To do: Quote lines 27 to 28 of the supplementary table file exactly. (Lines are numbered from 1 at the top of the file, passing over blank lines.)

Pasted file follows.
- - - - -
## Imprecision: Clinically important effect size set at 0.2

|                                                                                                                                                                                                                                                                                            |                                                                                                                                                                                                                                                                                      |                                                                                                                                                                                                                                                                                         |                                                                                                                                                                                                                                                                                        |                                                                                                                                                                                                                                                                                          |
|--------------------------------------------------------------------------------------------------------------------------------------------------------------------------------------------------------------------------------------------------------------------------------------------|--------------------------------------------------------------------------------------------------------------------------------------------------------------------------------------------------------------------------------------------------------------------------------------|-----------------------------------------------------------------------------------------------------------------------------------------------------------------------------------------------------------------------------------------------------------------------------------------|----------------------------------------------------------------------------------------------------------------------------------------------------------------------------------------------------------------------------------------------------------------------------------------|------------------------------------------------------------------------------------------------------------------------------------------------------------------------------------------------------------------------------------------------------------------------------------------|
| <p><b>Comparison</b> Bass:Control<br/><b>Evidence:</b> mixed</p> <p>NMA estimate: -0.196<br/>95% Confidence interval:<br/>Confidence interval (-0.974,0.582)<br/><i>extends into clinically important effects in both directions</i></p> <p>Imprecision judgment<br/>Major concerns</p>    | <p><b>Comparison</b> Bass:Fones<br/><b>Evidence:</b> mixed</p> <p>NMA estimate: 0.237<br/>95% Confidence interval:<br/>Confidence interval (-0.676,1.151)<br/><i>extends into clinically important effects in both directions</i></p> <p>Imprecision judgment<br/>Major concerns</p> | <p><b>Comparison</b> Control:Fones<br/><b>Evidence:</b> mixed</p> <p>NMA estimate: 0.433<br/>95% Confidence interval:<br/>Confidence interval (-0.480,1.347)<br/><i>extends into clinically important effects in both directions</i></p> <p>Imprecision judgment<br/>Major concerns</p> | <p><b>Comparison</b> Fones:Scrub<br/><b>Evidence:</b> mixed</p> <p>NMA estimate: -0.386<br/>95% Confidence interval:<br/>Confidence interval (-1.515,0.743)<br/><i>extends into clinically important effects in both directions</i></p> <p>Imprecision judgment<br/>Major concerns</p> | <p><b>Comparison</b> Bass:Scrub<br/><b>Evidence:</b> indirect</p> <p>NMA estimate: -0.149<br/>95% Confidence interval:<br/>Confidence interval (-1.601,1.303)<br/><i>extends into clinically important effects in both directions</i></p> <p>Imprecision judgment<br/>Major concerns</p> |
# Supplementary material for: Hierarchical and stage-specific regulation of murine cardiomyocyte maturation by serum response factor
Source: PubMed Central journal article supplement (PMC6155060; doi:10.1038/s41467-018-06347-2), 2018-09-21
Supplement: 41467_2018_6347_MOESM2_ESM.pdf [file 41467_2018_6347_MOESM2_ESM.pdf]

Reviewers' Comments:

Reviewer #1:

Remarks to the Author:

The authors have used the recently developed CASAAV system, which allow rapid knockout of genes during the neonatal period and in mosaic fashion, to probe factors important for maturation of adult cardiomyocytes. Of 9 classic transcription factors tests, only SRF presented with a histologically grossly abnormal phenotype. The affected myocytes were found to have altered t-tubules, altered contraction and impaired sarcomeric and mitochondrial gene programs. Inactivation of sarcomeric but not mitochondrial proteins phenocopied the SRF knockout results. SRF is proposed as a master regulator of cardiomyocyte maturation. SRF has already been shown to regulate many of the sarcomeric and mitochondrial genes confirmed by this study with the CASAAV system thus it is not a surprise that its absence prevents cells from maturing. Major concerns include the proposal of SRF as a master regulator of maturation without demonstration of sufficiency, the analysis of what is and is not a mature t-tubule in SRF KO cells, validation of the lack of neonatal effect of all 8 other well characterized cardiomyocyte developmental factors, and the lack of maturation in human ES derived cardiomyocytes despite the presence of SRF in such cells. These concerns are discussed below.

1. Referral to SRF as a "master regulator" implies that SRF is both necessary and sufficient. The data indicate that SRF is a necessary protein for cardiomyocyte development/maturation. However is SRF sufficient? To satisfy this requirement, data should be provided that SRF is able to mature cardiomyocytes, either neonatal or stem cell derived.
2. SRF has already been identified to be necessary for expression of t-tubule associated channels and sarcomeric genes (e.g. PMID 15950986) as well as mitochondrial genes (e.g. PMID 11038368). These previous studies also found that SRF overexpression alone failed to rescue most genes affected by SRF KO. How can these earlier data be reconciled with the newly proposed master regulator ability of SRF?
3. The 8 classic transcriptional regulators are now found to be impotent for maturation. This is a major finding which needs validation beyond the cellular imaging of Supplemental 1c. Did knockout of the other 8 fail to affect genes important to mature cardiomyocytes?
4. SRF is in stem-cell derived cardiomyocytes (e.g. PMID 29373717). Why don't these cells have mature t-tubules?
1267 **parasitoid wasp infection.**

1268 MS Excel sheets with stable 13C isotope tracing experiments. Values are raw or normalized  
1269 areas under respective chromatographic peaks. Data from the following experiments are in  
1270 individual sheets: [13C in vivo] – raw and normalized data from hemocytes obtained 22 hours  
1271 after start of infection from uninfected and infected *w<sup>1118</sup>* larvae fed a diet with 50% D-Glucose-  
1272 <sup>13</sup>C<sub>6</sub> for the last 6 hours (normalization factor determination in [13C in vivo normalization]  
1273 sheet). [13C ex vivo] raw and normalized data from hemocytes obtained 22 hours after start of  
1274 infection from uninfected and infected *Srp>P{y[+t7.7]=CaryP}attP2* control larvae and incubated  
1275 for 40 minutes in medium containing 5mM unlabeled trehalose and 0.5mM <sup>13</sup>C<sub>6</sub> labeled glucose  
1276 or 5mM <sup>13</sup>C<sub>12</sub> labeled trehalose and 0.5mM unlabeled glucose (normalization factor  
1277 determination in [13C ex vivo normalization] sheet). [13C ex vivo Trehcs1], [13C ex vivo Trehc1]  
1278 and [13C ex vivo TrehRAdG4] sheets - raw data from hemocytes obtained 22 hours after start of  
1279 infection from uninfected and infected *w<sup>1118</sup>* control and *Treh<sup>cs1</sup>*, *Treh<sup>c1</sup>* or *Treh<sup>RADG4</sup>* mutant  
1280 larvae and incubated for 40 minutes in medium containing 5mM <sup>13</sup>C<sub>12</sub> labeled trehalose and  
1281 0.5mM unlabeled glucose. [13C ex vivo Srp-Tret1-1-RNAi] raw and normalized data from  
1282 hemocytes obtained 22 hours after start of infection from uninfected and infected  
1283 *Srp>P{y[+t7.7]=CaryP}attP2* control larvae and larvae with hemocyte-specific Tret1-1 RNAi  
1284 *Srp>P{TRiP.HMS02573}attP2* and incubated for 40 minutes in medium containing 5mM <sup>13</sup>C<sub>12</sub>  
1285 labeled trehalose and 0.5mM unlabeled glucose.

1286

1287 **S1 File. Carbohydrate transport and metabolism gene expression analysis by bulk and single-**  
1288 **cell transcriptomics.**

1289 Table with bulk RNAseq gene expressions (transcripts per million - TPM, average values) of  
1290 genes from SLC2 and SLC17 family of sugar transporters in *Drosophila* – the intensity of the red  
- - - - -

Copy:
1278 and [13C ex vivo TrehRAdG4] sheets - raw data from hemocytes obtained 22 hours after start of  
1279 infection from uninfected and infected *w<sup>1118</sup>* control and *Treh<sup>cs1</sup>*, *Treh<sup>c1</sup>* or *Treh<sup>RADG4</sup>* mutant  